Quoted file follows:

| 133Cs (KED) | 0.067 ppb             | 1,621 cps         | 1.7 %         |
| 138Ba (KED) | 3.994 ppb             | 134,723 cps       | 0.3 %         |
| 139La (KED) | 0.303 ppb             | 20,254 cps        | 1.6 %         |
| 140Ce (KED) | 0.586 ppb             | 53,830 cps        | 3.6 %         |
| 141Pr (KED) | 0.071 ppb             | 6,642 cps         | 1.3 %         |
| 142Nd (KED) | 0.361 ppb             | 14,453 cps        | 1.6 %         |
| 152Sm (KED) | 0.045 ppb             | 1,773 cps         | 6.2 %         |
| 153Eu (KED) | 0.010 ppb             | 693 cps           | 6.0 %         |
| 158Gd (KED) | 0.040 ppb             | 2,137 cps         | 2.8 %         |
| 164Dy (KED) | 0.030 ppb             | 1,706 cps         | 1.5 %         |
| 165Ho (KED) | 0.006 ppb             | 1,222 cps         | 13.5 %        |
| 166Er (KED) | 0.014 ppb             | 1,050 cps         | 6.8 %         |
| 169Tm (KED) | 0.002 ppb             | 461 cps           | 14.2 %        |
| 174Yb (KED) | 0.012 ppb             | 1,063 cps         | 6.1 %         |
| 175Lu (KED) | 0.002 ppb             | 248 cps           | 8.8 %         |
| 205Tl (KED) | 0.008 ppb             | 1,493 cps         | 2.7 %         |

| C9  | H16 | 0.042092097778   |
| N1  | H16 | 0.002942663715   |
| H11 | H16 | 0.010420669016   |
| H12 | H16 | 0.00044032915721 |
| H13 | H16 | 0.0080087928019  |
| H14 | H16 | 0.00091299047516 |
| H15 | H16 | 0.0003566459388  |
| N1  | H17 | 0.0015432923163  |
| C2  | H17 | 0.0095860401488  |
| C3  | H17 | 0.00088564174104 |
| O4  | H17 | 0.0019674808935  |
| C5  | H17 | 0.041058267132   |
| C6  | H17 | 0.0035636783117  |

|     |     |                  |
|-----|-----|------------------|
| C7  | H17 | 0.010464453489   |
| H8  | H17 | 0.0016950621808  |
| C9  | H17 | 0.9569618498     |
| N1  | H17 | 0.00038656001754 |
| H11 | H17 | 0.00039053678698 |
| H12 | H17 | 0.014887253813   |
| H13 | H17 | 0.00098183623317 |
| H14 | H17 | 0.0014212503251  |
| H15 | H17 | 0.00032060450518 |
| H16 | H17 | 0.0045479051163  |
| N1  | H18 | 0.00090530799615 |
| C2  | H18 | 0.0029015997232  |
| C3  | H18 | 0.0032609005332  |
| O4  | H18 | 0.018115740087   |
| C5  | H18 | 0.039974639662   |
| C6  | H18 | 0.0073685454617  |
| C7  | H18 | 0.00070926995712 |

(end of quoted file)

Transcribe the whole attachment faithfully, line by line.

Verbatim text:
| 133Cs (KED) | 0.067 ppb             | 1,621 cps         | 1.7 %         |
| 138Ba (KED) | 3.994 ppb             | 134,723 cps       | 0.3 %         |
| 139La (KED) | 0.303 ppb             | 20,254 cps        | 1.6 %         |
| 140Ce (KED) | 0.586 ppb             | 53,830 cps        | 3.6 %         |
| 141Pr (KED) | 0.071 ppb             | 6,642 cps         | 1.3 %         |
| 142Nd (KED) | 0.361 ppb             | 14,453 cps        | 1.6 %         |
| 152Sm (KED) | 0.045 ppb             | 1,773 cps         | 6.2 %         |
| 153Eu (KED) | 0.010 ppb             | 693 cps           | 6.0 %         |
| 158Gd (KED) | 0.040 ppb             | 2,137 cps         | 2.8 %         |
| 164Dy (KED) | 0.030 ppb             | 1,706 cps         | 1.5 %         |
| 165Ho (KED) | 0.006 ppb             | 1,222 cps         | 13.5 %        |
| 166Er (KED) | 0.014 ppb             | 1,050 cps         | 6.8 %         |
| 169Tm (KED) | 0.002 ppb             | 461 cps           | 14.2 %        |
| 174Yb (KED) | 0.012 ppb             | 1,063 cps         | 6.1 %         |
| 175Lu (KED) | 0.002 ppb             | 248 cps           | 8.8 %         |
| 205Tl (KED) | 0.008 ppb             | 1,493 cps         | 2.7 %         |

| C9  | H16 | 0.042092097778   |
| N1  | H16 | 0.002942663715   |
| H11 | H16 | 0.010420669016   |
| H12 | H16 | 0.00044032915721 |
| H13 | H16 | 0.0080087928019  |
| H14 | H16 | 0.00091299047516 |
| H15 | H16 | 0.0003566459388  |
| N1  | H17 | 0.0015432923163  |
| C2  | H17 | 0.0095860401488  |
| C3  | H17 | 0.00088564174104 |
| O4  | H17 | 0.0019674808935  |
| C5  | H17 | 0.041058267132   |
| C6  | H17 | 0.0035636783117  |

|     |     |                  |
|-----|-----|------------------|
| C7  | H17 | 0.010464453489   |
| H8  | H17 | 0.0016950621808  |
| C9  | H17 | 0.9569618498     |
| N1  | H17 | 0.00038656001754 |
| H11 | H17 | 0.00039053678698 |
| H12 | H17 | 0.014887253813   |
| H13 | H17 | 0.00098183623317 |
| H14 | H17 | 0.0014212503251  |
| H15 | H17 | 0.00032060450518 |
| H16 | H17 | 0.0045479051163  |
| N1  | H18 | 0.00090530799615 |
| C2  | H18 | 0.0029015997232  |
| C3  | H18 | 0.0032609005332  |
| O4  | H18 | 0.018115740087   |
| C5  | H18 | 0.039974639662   |
| C6  | H18 | 0.0073685454617  |
| C7  | H18 | 0.00070926995712 |